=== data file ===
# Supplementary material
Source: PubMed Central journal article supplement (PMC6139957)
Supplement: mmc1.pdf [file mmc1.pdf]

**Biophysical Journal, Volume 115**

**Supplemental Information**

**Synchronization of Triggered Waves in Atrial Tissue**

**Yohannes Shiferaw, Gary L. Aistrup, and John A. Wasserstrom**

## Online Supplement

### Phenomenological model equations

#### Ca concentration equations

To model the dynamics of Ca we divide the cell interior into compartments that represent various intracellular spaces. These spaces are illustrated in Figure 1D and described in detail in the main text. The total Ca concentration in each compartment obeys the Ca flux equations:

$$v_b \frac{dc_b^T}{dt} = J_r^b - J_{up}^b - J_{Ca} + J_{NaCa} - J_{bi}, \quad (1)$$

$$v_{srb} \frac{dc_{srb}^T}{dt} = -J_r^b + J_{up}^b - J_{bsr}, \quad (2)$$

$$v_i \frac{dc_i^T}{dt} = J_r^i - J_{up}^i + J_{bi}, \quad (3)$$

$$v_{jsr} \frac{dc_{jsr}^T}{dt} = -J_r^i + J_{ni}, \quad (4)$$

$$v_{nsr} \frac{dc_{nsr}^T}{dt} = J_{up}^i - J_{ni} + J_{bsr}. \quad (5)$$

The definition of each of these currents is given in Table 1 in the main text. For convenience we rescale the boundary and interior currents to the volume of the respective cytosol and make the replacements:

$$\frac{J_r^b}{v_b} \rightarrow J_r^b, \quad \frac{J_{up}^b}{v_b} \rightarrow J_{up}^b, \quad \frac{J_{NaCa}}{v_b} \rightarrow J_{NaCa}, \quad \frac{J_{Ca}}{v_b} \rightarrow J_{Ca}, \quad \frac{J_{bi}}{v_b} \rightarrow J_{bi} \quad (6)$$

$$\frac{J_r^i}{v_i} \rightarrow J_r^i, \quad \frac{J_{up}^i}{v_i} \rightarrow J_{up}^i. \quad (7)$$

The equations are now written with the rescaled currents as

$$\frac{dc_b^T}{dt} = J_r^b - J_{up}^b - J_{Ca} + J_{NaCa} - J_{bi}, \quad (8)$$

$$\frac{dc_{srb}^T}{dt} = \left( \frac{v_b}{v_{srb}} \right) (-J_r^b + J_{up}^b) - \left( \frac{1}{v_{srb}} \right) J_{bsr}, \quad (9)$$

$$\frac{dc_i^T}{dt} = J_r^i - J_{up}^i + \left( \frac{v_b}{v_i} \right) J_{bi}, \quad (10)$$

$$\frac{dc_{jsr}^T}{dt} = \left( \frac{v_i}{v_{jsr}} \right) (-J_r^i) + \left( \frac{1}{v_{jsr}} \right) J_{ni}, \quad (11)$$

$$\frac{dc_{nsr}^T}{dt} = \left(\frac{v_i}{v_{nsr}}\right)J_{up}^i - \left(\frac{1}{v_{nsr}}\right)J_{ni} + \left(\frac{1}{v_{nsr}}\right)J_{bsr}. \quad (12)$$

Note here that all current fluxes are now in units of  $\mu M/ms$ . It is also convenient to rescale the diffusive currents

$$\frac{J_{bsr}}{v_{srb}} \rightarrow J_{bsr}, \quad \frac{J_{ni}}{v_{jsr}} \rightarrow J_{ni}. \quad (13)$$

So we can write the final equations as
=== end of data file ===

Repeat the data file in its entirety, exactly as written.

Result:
# Supplementary material
Source: PubMed Central journal article supplement (PMC6139957)
Supplement: mmc1.pdf [file mmc1.pdf]

**Biophysical Journal, Volume 115**

**Supplemental Information**

**Synchronization of Triggered Waves in Atrial Tissue**

**Yohannes Shiferaw, Gary L. Aistrup, and John A. Wasserstrom**

## Online Supplement

### Phenomenological model equations

#### Ca concentration equations

To model the dynamics of Ca we divide the cell interior into compartments that represent various intracellular spaces. These spaces are illustrated in Figure 1D and described in detail in the main text. The total Ca concentration in each compartment obeys the Ca flux equations:

$$v_b \frac{dc_b^T}{dt} = J_r^b - J_{up}^b - J_{Ca} + J_{NaCa} - J_{bi}, \quad (1)$$

$$v_{srb} \frac{dc_{srb}^T}{dt} = -J_r^b + J_{up}^b - J_{bsr}, \quad (2)$$

$$v_i \frac{dc_i^T}{dt} = J_r^i - J_{up}^i + J_{bi}, \quad (3)$$

$$v_{jsr} \frac{dc_{jsr}^T}{dt} = -J_r^i + J_{ni}, \quad (4)$$

$$v_{nsr} \frac{dc_{nsr}^T}{dt} = J_{up}^i - J_{ni} + J_{bsr}. \quad (5)$$

The definition of each of these currents is given in Table 1 in the main text. For convenience we rescale the boundary and interior currents to the volume of the respective cytosol and make the replacements:

$$\frac{J_r^b}{v_b} \rightarrow J_r^b, \quad \frac{J_{up}^b}{v_b} \rightarrow J_{up}^b, \quad \frac{J_{NaCa}}{v_b} \rightarrow J_{NaCa}, \quad \frac{J_{Ca}}{v_b} \rightarrow J_{Ca}, \quad \frac{J_{bi}}{v_b} \rightarrow J_{bi} \quad (6)$$

$$\frac{J_r^i}{v_i} \rightarrow J_r^i, \quad \frac{J_{up}^i}{v_i} \rightarrow J_{up}^i. \quad (7)$$

The equations are now written with the rescaled currents as

$$\frac{dc_b^T}{dt} = J_r^b - J_{up}^b - J_{Ca} + J_{NaCa} - J_{bi}, \quad (8)$$

$$\frac{dc_{srb}^T}{dt} = \left( \frac{v_b}{v_{srb}} \right) (-J_r^b + J_{up}^b) - \left( \frac{1}{v_{srb}} \right) J_{bsr}, \quad (9)$$

$$\frac{dc_i^T}{dt} = J_r^i - J_{up}^i + \left( \frac{v_b}{v_i} \right) J_{bi}, \quad (10)$$

$$\frac{dc_{jsr}^T}{dt} = \left( \frac{v_i}{v_{jsr}} \right) (-J_r^i) + \left( \frac{1}{v_{jsr}} \right) J_{ni}, \quad (11)$$

$$\frac{dc_{nsr}^T}{dt} = \left(\frac{v_i}{v_{nsr}}\right)J_{up}^i - \left(\frac{1}{v_{nsr}}\right)J_{ni} + \left(\frac{1}{v_{nsr}}\right)J_{bsr}. \quad (12)$$

Note here that all current fluxes are now in units of  $\mu M/ms$ . It is also convenient to rescale the diffusive currents

$$\frac{J_{bsr}}{v_{srb}} \rightarrow J_{bsr}, \quad \frac{J_{ni}}{v_{jsr}} \rightarrow J_{ni}. \quad (13)$$

So we can write the final equations as